You Want What? In Defense of Holiday Scroogedom

It’s beginning to feel a lot like Christmas in Claremont.

Lately, I’ve been having the urge to bundle up under a thick
blanket with mug of tea. Maybe it’s because the snowy Santa-themed décor
appearing around campus puts me in the mood for the holidays. Then again, maybe
it’s because the AC in the dining hall is hitting the back of my neck, and I
only wore a T-shirt because it’s still 70 degrees outside.

Each year, as the semester comes to its busy end, I am
thrust into the obligations of the holidays. I’m expected to be thankful and
cheerful at Thanksgiving and generous for whatever non-denominational winter gift-giving holiday I celebrate.
Unfortunately, these holidays don’t happen at the most opportune time. In fact,
they’re incredibly inconvenient.

I’ve never really been one for the holiday spirit. I’m a
Scrooge, you could say.

It’s difficult to be thankful when you’re up at three in the
morning cobbling together an essay you didn’t start until earlier that night.
It’s hard to find it within yourself to be generous when all your time and
energy must be poured into the selfish ends of keeping your GPA from plummeting.

Inside the Claremont bubble we’re incessantly reminded of
the implications of our holidays. Should I be worrying about the carbon footprint
of this turkey? Was it raised ethically? Should we shun our American heritage
because the story of a Thanksgiving
between Pilgrims and indigenous peoples is a falsified distraction from the
systematic destruction of an entire continent of native inhabitants? But you taste so good, Mr. Turkey!

Christmas is no better. I don’t go to church; I never have.
I don’t give a shit about baby Jesus lawn ornaments (in which the lil’ messiah
is always white). I’ll read a dozen or so thinkpieces online about holiday
consumerism and about how Target doesn’t pay their employees enough, but I’ll still
go shop there on Christmas Eve to buy my father some golf-related apparel he’s
going to return anyway. 

Beyond that, it’s not even the selfless, fulfilling gifting
that happens in jewelry commercials where the recipient is so surprised and
pleased that the whole racially ambiguous family bursts into grins. It’s the kind of gifting where the whole damn time I’m
thinking, “How many hours of my work-study job is this setting me back?”

I don’t just hate
buying gifts, I usually hate receiving them too. You think I would wear this? Can I return it? To avoid this, my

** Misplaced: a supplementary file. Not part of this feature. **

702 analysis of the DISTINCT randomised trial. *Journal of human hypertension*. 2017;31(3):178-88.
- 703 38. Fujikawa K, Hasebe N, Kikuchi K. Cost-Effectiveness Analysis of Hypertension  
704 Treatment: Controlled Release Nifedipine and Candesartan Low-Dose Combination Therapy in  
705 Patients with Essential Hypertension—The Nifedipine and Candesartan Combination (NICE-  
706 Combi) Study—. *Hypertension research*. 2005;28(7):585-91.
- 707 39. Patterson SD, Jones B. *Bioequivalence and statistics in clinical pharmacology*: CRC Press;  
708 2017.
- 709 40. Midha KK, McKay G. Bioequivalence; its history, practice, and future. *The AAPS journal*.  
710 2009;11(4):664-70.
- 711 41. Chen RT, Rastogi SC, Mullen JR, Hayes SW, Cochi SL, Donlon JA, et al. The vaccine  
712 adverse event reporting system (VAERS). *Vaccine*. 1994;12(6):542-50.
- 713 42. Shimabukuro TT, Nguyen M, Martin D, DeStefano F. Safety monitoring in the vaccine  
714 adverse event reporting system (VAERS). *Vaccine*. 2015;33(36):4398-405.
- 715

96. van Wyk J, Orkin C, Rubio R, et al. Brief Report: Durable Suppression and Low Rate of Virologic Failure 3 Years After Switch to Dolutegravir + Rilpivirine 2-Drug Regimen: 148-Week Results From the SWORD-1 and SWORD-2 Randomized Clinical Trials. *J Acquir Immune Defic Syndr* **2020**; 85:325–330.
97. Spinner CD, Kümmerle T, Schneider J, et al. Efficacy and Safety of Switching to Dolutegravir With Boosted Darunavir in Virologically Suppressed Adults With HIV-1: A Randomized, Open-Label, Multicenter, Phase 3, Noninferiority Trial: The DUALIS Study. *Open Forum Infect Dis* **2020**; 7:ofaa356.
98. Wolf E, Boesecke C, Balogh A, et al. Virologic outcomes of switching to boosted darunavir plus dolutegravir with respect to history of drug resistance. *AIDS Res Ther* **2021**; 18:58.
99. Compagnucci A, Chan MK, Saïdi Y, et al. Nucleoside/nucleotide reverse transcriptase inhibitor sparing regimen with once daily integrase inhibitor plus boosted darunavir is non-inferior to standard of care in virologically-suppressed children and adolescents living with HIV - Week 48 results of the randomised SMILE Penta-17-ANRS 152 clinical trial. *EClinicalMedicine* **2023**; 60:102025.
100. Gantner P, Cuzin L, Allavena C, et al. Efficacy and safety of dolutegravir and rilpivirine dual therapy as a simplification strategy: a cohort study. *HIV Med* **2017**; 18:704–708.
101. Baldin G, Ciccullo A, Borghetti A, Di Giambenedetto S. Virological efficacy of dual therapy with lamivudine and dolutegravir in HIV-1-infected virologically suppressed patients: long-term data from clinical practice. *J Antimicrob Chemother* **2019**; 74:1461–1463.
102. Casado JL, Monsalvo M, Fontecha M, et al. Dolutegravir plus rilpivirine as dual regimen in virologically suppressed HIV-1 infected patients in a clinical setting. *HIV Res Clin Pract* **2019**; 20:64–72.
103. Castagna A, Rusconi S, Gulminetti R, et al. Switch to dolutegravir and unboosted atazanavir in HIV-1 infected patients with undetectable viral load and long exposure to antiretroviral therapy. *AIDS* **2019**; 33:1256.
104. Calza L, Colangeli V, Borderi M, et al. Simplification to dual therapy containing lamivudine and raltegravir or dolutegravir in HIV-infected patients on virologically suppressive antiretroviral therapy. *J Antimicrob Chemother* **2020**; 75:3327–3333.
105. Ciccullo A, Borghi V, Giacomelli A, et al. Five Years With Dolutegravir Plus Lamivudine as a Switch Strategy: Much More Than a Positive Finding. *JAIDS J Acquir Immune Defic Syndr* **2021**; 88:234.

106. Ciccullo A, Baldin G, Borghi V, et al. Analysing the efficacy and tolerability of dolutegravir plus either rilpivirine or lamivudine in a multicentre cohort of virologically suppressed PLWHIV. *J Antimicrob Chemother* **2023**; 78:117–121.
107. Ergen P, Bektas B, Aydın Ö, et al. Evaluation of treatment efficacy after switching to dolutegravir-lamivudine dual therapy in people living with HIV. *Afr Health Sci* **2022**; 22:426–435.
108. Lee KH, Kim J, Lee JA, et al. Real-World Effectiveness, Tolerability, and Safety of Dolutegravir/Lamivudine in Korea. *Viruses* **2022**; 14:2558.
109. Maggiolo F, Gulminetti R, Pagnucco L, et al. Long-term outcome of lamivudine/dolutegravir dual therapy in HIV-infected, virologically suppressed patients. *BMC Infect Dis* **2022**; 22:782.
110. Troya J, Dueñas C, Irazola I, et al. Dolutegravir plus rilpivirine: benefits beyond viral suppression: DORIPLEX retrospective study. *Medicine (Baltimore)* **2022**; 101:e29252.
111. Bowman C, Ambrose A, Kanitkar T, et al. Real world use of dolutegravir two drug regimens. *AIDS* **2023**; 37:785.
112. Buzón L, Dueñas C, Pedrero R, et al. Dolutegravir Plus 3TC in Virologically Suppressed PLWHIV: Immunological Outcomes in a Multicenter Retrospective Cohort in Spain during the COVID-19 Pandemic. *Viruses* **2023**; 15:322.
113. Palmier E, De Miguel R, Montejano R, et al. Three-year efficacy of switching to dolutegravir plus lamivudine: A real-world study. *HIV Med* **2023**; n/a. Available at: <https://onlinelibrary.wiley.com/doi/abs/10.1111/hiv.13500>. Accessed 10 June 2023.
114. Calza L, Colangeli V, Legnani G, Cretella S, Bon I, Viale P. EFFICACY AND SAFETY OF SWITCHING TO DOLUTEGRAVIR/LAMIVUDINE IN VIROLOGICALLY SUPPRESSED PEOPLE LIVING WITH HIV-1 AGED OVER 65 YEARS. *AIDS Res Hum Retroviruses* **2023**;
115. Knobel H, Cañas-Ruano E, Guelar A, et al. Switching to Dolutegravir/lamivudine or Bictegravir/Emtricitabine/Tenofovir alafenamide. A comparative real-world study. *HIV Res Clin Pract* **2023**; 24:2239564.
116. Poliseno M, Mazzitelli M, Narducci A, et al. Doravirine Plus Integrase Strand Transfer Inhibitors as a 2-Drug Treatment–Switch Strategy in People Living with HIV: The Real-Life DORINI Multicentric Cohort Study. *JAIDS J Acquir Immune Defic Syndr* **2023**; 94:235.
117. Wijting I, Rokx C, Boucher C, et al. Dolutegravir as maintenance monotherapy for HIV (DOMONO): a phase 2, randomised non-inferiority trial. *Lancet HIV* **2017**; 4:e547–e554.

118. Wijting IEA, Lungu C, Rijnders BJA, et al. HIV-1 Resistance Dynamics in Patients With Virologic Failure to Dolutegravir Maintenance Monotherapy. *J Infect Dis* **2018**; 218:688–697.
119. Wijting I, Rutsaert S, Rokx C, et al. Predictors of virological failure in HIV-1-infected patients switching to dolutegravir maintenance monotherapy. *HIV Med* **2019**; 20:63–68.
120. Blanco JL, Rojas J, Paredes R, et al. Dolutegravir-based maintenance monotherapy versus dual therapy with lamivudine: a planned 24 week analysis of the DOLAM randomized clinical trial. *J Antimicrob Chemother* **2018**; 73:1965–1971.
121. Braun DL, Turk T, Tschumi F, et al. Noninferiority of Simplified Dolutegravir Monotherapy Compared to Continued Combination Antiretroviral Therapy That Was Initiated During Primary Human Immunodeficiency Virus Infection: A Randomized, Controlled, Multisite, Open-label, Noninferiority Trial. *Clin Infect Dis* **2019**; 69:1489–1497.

family tries to send each other our X-mas lists in advance, but that takes all
the fun out of it too: Jesus Christ, Dad, if you’re only going to ask for Size
11 PEAKFREAK™ NOMAD CHUKKA WP
OMNI-HEAT™ Columbia Sportswear hiking boots is it even a surprise anymore?

The ridiculousness
of Hanukkah shouldn’t be ignored either. It didn’t become a major holiday in
the Jewish faith until Jewish parents needed a reason to give their children
gifts in December so they wouldn’t feel left out. Big surprise: Hallmark wins
again!

To top it all off, I
can’t fucking stand holiday music. I know it’s blasphemy, but have you ever
really listened to “Baby, it’s Cold Outside?” 

It isn’t surprising
that I’m so disenchanted with the holidays. Here in Claremont we live in a cult
to our own secular, skeptical and critical thought. This isn’t a bad thing,
and most of us seem to love it. But critical thought seems to be antithetical
to December in America. All the bad parts about the holidays become harder to
ignore, and all the good parts become harder to believe in.

So where does this
leave me? The same place as usual, with a lot of shopping to do. I wish I could
give you a listicle of 10 perfect gifts that are unexpected,
thoughtful, locally sourced and inexpensive. (Surprise: I can’t.) But that’s
not the point. The point of the holidays should not be to give the best gifts, but
to have the best intentions, right?

Maybe there’s
something commendable about being a Scrooge. There is a lot to distract us from
what we value as the real reasons for these holidays, so it’s okay not to buy
into it 100 percent. I like to think that taking a skeptical view of the
holidays is helpful to remind myself that the real reason is to be thankful for
what we have and generous for the things with which we can part. After all, those of
us in Claremont have so much we need to express gratitude about and, in most
cases, so much we can give of ourselves. So don’t worry about being a little
scroogey about the traffic in the mall parking lot or how terrible Mariah
Carey’s Christmas album is. After all, without good old Ebenezer, there would
be no Christmas Carol—just a bunch
of Londoners eating a goose.

So go ahead: Be a
Grinch, a Scrooge, a Freeze-Meister, whatever. The world needs a couple
skeptics to remind us what the holidays are really about.

Thank God the only
thing I have to do for New Year’s is drink and dance with my friends. That’s a
holiday I can really get behind.

Sam Pitcavage CM ’15 is a government and economics major, athlete and dining hall enthusiast from Beaverton, Ore.

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